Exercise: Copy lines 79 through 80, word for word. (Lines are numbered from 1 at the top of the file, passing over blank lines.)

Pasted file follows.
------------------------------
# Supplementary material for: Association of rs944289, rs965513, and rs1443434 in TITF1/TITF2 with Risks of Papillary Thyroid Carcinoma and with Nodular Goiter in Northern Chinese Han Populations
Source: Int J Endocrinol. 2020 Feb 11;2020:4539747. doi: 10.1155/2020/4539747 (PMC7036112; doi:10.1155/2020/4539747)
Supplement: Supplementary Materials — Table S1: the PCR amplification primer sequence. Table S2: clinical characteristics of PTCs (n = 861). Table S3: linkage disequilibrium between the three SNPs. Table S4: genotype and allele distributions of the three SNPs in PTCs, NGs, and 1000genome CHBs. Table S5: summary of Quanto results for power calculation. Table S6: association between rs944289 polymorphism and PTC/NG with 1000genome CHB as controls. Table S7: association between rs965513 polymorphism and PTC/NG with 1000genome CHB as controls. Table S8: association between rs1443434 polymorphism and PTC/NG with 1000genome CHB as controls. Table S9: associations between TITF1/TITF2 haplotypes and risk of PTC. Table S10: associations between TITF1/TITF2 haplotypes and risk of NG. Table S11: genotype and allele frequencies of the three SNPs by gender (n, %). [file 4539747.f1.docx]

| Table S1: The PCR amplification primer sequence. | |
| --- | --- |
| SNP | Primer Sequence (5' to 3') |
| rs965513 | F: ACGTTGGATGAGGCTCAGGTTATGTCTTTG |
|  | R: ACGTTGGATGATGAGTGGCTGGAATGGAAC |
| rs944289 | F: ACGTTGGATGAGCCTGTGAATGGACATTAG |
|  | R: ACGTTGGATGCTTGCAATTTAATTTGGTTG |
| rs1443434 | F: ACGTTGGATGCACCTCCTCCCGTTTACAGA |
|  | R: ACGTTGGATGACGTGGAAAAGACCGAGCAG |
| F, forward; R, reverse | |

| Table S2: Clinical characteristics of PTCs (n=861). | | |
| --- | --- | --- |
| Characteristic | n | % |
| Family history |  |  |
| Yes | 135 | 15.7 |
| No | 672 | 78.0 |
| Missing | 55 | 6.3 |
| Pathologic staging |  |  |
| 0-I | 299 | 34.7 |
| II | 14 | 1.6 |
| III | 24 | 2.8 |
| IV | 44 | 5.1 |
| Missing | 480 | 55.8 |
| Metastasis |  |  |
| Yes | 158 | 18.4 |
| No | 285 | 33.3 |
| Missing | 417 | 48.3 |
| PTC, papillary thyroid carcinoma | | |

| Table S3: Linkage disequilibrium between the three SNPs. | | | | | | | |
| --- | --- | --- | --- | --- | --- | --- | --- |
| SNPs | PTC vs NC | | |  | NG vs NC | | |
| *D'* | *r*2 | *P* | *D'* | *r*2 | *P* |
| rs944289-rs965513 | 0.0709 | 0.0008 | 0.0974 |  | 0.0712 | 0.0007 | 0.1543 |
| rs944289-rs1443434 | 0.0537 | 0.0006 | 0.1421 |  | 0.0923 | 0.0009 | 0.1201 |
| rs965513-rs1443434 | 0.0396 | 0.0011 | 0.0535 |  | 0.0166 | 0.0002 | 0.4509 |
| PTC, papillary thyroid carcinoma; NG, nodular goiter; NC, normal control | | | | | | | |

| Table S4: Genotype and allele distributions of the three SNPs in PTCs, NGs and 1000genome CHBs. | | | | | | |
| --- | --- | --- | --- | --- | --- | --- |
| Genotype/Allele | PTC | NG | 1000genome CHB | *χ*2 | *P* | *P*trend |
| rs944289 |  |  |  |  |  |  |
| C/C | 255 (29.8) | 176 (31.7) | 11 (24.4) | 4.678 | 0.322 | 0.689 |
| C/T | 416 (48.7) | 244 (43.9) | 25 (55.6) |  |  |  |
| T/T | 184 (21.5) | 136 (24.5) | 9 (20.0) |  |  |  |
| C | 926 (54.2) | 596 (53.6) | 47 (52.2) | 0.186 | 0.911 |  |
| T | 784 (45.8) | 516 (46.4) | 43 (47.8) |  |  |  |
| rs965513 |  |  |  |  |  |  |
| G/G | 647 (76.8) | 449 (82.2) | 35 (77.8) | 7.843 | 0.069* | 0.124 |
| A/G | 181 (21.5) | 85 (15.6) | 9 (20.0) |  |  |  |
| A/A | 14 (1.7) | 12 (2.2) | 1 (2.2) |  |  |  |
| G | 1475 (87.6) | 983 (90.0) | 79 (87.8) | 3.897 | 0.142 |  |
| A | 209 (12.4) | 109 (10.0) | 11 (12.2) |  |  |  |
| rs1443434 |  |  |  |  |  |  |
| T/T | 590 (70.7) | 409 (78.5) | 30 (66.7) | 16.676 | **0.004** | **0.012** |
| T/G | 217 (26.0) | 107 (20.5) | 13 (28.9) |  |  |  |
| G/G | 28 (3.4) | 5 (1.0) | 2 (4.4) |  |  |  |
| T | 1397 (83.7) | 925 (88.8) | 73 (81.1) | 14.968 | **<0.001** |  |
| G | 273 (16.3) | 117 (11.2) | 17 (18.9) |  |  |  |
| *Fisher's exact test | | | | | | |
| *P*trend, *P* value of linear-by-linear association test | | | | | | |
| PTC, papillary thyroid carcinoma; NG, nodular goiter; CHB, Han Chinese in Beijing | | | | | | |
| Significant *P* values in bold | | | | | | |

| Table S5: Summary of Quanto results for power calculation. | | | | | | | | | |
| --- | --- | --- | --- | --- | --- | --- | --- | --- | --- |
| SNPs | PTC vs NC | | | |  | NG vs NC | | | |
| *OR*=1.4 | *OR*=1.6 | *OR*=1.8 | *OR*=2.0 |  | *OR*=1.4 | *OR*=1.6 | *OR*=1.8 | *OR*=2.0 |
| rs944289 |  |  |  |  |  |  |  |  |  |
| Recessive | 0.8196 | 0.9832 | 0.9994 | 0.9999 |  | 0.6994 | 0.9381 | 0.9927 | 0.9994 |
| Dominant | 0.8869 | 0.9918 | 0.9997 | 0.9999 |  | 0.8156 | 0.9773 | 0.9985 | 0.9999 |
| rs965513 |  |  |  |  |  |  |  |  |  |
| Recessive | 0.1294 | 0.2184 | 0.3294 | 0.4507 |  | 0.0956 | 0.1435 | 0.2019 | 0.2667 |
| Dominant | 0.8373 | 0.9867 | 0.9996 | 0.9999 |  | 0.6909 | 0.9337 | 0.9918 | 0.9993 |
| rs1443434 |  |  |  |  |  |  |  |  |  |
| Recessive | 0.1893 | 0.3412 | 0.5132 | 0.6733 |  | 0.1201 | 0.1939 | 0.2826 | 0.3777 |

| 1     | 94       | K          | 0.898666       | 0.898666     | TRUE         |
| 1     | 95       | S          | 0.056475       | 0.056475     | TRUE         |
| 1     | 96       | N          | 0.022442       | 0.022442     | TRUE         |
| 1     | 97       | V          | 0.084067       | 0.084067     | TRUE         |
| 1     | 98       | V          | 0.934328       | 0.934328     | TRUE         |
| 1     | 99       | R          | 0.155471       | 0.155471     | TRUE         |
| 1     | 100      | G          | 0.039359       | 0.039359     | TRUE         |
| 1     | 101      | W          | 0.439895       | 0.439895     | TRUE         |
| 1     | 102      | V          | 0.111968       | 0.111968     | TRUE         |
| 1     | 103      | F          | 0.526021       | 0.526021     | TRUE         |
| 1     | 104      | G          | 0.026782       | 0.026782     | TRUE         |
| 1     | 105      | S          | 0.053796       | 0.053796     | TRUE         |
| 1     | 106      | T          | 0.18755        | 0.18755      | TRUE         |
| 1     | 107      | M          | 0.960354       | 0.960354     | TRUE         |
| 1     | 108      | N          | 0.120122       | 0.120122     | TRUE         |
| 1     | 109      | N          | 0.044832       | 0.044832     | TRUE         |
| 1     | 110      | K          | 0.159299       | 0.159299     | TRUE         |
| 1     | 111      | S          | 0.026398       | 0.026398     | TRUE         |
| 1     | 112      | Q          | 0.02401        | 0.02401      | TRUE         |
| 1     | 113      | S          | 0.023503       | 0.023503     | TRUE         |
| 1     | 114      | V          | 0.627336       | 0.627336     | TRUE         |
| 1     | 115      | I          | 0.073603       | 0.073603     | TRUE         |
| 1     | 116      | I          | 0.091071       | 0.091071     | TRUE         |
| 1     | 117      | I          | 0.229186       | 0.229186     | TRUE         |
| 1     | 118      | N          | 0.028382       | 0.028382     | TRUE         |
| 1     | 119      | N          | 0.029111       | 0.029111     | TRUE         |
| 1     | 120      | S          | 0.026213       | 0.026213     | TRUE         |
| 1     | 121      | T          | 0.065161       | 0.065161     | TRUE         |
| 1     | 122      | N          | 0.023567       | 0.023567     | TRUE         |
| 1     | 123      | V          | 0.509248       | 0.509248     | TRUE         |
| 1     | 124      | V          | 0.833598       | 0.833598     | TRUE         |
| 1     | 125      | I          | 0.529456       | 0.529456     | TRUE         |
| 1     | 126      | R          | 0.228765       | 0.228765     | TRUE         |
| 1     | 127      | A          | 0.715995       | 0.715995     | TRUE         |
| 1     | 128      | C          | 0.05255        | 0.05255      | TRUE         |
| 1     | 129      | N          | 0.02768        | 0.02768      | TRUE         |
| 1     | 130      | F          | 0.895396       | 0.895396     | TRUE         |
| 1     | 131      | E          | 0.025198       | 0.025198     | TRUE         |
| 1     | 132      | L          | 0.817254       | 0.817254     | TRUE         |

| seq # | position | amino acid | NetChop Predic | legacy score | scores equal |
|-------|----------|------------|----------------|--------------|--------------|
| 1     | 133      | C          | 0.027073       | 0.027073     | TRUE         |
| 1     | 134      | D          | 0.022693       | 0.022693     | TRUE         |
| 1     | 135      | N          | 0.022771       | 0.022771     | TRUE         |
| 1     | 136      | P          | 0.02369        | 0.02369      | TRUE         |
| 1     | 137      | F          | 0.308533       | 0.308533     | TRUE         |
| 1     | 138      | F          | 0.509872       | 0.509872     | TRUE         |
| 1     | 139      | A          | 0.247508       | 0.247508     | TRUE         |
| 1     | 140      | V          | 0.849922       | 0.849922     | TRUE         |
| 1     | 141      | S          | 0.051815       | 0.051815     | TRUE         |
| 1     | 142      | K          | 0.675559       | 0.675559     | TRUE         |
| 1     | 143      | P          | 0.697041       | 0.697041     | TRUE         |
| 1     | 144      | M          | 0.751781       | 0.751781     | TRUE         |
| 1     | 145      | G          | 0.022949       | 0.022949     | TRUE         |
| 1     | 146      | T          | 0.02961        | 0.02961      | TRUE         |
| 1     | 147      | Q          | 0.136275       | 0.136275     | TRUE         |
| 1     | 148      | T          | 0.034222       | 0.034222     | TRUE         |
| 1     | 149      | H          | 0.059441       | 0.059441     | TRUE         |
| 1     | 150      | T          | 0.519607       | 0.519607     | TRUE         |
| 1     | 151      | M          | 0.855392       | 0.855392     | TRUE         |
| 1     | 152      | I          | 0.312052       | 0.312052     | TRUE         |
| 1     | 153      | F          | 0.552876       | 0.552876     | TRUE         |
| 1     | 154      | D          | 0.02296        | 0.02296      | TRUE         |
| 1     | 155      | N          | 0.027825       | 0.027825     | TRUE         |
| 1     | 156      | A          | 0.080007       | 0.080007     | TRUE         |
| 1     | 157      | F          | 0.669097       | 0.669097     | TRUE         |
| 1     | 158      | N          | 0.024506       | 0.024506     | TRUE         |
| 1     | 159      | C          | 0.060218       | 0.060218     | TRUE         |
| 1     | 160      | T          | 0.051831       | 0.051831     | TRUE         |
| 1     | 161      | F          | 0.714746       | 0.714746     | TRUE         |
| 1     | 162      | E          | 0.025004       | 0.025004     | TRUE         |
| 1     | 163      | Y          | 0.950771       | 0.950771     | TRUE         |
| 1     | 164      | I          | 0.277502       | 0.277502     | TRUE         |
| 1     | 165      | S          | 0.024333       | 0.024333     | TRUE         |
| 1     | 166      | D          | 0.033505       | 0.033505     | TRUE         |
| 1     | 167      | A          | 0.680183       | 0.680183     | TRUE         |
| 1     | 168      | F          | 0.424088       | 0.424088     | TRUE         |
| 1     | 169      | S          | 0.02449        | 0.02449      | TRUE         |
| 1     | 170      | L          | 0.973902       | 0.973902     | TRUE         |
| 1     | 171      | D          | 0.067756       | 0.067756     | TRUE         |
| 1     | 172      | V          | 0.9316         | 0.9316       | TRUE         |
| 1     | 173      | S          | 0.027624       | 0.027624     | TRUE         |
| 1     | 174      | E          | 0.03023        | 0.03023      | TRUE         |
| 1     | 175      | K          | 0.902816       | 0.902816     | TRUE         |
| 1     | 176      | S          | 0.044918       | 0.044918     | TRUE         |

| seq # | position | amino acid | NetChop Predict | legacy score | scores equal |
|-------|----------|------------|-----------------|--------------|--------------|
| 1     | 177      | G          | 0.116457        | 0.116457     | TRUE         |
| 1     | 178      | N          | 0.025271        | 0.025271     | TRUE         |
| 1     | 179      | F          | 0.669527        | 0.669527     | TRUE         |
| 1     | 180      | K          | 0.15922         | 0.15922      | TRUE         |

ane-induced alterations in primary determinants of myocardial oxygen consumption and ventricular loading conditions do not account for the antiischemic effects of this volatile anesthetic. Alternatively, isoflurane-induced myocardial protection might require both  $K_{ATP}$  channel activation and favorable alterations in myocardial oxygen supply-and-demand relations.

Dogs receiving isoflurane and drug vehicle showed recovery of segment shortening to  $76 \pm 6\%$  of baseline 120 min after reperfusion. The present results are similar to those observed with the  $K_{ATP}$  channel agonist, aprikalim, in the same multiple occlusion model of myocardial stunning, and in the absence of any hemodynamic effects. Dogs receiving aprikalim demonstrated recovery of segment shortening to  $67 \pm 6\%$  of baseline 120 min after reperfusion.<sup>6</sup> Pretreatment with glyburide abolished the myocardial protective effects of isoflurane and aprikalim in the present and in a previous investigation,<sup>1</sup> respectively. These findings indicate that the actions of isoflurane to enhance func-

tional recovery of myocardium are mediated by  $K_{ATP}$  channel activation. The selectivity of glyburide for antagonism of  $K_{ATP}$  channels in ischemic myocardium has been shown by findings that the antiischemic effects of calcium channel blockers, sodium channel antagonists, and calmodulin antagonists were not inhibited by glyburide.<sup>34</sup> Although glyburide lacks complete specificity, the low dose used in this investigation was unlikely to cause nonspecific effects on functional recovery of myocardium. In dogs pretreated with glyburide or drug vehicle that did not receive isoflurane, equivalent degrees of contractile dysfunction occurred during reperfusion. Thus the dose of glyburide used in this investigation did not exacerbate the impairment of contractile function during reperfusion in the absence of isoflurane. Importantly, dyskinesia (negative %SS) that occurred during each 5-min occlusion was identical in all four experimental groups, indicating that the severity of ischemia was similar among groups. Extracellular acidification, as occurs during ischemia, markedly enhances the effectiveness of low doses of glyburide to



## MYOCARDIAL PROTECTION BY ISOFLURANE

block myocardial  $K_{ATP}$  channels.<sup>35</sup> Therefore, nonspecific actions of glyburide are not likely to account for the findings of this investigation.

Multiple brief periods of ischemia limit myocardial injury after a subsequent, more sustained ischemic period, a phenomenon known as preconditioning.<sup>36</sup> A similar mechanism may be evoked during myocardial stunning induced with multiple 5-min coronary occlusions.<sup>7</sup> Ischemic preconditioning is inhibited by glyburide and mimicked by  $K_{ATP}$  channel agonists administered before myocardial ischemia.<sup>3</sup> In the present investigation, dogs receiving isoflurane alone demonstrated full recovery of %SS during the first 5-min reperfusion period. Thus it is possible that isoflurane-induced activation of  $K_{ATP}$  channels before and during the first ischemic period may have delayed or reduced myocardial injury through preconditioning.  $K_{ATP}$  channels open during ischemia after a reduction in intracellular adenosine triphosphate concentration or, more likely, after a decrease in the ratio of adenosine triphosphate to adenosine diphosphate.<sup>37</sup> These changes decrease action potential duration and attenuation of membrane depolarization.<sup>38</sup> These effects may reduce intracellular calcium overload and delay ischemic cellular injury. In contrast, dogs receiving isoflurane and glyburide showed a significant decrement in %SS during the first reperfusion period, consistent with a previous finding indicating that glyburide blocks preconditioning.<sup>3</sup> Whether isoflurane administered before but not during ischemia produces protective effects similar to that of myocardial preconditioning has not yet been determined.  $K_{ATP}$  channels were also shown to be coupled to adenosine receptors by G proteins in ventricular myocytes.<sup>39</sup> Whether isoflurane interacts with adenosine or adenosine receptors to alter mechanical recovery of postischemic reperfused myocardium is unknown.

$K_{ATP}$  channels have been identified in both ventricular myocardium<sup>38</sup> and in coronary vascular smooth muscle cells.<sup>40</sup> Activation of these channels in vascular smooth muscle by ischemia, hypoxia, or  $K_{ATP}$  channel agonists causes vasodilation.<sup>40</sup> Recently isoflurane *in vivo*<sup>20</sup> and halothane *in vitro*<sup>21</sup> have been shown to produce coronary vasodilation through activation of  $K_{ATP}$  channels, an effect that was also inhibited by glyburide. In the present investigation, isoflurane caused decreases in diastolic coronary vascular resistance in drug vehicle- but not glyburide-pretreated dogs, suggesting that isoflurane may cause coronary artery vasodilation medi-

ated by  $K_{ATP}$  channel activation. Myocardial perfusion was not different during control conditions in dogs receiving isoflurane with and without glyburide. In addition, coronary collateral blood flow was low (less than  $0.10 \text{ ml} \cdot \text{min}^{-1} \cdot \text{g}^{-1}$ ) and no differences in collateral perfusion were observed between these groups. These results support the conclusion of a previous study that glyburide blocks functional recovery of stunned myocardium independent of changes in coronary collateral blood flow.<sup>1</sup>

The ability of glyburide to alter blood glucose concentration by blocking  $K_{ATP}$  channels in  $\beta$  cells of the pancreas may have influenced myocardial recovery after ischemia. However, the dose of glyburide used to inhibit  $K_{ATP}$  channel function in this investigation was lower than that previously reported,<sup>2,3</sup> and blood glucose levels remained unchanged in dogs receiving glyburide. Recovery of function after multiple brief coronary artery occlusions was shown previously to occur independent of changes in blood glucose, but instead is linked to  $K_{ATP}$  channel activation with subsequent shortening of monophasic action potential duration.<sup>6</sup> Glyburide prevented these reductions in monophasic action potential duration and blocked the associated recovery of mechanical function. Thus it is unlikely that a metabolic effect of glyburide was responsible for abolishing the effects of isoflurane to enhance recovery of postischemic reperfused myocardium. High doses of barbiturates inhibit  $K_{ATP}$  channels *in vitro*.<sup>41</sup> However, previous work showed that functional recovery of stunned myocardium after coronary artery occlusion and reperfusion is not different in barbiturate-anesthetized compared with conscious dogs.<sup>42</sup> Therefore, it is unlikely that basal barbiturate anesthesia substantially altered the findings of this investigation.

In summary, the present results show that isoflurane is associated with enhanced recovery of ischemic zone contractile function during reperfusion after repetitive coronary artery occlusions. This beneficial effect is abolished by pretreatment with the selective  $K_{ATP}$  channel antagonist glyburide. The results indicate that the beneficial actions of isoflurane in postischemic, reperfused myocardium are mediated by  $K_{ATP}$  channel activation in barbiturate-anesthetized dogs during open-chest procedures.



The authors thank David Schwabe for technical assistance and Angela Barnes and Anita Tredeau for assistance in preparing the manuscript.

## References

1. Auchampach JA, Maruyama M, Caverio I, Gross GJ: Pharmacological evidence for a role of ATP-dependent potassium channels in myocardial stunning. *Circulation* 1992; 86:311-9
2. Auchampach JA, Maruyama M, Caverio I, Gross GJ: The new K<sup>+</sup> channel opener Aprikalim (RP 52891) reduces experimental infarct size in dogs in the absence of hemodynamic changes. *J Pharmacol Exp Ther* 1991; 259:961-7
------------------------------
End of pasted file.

| 1     | 96       | N          | 0.022442       | 0.022442     | TRUE         |
| 1     | 97       | V          | 0.084067       | 0.084067     | TRUE         |